Dr. Helen Benson is summoned to a military facility with several other scientists when an alien spacecraft of sorts arrives in New York City. Aboard is a human-like alien and a giant robot of immense size and power. The alien identifies himself as Klaatu and says he has come to save the Earth. The US military and political authorities see him as a threat however and decide to use so-called intensive interrogation techniques on him but Dr. Benson decides to facilitate his escape. When she learns exactly what he means when he says he is there to save the Earth, she tries to convince him to change his intentions. Written by
As in the 1951 original, Klaatu was going to travel in a spaceship, but Scott Derrickson wanted the extraterrestrial aspect of the film to be more mysterious, and replaced the ship with a glowing orb. See more »
No British news service would use the British flag as its banner. The British flag is not widely flown within the country. It's never shown on television; stations feel that viewers already know which country they're in. See more »
History has lessons to teach us about first encounters between civilizations. As a rule the less advanced civilization is either exterminated or enslaved. I'm thinking of Pizarro and the Incans, Columbus and the Native Americans, and the list goes on. Unfortunately in this case, the less advanced civilization is us.
This is the representative of an extra-terrestrial civilization. This is the most important discovery in the history of Mankind!
It may well be the last discovery in the history of ...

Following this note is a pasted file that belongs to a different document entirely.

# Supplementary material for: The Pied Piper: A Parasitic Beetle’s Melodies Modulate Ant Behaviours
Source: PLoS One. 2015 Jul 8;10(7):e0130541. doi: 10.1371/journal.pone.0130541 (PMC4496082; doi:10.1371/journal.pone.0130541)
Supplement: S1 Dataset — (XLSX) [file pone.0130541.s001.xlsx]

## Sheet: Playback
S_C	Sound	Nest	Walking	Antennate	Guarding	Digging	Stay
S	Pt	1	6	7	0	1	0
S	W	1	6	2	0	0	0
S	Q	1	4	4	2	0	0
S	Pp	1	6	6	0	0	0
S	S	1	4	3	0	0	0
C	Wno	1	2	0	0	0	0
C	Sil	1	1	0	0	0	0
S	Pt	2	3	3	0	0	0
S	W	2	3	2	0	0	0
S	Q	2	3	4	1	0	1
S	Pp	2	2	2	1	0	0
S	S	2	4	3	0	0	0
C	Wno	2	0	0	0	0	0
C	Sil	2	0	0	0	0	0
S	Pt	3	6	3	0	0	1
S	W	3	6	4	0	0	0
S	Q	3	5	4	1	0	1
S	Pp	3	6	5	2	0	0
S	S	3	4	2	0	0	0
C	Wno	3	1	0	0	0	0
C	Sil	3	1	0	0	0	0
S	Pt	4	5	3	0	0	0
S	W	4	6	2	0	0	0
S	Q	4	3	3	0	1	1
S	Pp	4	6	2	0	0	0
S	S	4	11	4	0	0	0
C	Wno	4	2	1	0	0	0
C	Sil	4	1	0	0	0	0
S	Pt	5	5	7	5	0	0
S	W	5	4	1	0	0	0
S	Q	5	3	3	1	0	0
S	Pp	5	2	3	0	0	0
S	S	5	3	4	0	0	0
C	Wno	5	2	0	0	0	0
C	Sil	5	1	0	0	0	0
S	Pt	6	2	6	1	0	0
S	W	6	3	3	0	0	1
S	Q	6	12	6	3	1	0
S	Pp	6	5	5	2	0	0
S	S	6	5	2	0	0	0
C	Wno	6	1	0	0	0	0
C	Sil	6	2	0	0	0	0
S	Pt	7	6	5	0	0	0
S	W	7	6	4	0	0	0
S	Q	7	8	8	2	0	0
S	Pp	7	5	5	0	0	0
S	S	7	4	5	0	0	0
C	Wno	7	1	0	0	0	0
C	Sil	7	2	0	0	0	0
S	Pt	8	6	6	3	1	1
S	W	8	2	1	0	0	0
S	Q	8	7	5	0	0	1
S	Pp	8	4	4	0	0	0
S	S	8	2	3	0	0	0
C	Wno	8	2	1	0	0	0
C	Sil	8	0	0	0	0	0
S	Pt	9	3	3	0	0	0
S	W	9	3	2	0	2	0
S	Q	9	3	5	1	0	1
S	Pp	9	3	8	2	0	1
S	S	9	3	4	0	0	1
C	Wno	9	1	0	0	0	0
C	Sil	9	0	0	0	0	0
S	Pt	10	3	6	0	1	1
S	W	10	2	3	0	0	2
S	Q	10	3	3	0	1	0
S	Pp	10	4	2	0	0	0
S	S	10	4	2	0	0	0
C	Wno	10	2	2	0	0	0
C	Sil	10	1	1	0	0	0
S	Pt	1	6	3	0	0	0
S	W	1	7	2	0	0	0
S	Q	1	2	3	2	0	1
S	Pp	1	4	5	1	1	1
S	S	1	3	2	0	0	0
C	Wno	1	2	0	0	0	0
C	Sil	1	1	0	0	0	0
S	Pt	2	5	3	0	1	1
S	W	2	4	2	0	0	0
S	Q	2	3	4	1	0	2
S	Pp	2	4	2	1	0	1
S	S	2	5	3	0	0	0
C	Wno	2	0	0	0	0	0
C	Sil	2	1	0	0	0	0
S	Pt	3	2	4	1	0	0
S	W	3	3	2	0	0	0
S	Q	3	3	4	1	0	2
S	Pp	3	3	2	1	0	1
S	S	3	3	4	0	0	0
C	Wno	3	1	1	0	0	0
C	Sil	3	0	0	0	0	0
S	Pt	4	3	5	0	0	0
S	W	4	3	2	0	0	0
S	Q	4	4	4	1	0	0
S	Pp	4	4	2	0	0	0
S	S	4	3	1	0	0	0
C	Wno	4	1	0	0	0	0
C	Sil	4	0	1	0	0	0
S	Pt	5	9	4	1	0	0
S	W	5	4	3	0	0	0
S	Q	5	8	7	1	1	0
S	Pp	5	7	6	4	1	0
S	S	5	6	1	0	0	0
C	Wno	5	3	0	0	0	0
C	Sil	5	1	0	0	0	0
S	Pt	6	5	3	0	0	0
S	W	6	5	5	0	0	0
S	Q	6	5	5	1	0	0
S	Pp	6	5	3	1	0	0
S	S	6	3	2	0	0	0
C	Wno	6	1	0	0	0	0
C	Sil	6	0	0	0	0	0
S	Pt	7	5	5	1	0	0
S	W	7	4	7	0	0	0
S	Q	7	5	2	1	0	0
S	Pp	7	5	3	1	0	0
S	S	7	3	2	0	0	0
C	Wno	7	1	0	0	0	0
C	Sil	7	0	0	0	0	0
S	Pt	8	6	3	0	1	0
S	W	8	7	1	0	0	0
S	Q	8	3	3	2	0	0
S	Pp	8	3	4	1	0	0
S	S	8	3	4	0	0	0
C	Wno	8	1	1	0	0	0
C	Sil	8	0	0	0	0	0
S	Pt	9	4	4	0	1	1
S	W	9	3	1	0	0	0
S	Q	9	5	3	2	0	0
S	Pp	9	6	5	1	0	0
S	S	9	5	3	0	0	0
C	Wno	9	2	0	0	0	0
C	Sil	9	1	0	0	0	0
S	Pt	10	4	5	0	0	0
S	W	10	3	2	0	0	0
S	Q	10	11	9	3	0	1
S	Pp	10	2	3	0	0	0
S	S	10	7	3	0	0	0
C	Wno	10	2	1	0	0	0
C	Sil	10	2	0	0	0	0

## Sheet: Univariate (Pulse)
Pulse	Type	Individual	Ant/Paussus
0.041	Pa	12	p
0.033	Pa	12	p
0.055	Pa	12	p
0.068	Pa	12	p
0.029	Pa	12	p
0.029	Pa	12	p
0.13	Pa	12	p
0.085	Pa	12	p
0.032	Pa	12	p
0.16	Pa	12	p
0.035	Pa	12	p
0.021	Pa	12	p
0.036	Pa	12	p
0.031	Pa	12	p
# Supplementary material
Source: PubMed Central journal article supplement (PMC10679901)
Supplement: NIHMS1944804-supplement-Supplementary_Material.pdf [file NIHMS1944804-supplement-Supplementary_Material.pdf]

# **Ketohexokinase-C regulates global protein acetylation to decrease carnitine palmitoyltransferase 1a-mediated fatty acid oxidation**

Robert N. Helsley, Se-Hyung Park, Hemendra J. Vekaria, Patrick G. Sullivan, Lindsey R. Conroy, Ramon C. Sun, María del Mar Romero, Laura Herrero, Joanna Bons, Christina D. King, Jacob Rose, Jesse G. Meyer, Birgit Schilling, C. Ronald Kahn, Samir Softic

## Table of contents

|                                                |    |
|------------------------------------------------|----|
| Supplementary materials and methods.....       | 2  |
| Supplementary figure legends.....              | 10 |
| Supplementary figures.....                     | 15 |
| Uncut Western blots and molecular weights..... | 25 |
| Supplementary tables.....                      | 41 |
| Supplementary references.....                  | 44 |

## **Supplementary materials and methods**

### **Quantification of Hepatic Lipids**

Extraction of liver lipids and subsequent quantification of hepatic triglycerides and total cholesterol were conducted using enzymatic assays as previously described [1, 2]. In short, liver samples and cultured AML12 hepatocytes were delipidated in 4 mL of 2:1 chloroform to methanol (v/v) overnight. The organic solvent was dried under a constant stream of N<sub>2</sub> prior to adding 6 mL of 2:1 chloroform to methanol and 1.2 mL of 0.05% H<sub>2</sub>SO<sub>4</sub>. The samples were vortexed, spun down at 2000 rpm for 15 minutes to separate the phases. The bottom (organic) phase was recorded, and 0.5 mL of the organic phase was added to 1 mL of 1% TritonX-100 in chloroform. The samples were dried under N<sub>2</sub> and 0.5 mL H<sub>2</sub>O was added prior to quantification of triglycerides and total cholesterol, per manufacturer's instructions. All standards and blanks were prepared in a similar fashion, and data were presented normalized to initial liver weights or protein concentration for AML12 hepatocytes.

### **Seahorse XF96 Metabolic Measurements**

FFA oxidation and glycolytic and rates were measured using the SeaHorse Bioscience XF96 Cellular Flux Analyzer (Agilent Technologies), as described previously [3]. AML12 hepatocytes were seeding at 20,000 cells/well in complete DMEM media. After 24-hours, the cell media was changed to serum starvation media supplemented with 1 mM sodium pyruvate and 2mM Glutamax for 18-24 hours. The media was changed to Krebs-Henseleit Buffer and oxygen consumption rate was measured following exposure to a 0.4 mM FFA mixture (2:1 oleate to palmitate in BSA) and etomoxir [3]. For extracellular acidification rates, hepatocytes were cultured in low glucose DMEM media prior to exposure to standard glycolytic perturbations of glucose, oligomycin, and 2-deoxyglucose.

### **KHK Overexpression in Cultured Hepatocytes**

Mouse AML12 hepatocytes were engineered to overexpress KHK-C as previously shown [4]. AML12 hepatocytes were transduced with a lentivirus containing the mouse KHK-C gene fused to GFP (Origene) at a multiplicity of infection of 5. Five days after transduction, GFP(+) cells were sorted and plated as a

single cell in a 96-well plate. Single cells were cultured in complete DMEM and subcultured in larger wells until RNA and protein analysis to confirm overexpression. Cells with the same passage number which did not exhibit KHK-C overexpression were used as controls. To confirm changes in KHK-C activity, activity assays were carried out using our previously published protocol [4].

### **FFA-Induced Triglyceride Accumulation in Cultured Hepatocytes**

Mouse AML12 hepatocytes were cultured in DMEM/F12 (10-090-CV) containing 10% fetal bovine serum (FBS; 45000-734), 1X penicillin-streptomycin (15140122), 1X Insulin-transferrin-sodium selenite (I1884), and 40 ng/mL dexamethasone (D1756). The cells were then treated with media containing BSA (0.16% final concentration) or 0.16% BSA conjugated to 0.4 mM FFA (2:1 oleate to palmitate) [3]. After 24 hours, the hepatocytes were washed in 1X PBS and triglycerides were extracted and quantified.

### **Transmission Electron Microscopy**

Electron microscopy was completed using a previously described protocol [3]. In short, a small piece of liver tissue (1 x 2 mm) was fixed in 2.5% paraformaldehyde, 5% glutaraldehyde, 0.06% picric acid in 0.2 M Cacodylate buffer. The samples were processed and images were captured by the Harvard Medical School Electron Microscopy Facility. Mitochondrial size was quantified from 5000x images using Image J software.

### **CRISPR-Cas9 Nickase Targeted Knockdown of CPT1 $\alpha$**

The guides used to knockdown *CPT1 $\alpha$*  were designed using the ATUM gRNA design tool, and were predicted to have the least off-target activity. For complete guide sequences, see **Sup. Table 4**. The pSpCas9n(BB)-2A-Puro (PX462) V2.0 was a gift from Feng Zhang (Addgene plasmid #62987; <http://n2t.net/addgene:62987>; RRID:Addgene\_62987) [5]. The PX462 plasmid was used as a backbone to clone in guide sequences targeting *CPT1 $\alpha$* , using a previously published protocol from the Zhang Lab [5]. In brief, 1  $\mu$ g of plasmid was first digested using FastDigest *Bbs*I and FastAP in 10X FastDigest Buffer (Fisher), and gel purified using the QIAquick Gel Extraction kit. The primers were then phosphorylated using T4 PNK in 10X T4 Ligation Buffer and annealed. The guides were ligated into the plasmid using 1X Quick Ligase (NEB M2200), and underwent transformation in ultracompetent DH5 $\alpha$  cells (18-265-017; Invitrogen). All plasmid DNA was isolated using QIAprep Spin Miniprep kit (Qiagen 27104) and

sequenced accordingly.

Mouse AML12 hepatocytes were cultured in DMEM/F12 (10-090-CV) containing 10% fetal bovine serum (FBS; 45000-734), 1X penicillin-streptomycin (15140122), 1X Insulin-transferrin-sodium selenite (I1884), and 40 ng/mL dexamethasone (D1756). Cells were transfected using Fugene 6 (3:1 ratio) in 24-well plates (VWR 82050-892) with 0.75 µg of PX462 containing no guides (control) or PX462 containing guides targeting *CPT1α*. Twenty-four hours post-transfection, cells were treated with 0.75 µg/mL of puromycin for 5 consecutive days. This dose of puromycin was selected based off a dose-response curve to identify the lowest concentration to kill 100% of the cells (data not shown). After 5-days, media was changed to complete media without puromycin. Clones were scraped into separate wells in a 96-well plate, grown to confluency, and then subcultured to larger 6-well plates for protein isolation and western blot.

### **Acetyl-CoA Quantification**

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A schizophrenic film. Scott Derrickson has done his best to make a run of the mill CGI-enhanced sci-fi thriller but has found himself thwarted by the remarkable screen presence of Keanu Reeves and the ghost of Bernard Herrmann.
Reeves was the draw for me; where some find him laughable, I find him sober and engaging. His alien-in-a-human is at once non-porous of emotion but registers the emotional to-ing and fro-ing that decide his actions. He's a classy screen idol, well-cast. The rest of the cast (the very capable Jennifer Connelly included) are at the mercy of a truly ridiculous story both in concept and in local narrative. The gravity of the situation in which humankind as represented by Americans finds itself is only captured in the single-gear performance of Reeves and the unobtrusive but peculiar 'Herrmann' score, resurrected for the film by Tyler Bates.
There's a lot of silliness - a lot of cartoonish world's end drama which, strangely, doesn't do what it purports to which is update the 1951 original. It still feels dated. We are also presented with John Cleese as a Nobel Prize winner. Well that's also ridiculous on the face of it - but I tell you something, if the end where nigh and you wanted someone leftfield to plead your seemingly intractable case, you'd do a lot worse than Cleese. As a final oddity the product placement in the film seems at odds with the frowning upon consumerism that's at it's heart. Or maybe they're companies leading the charge to save the world. It's all a bit confusing. 4/10
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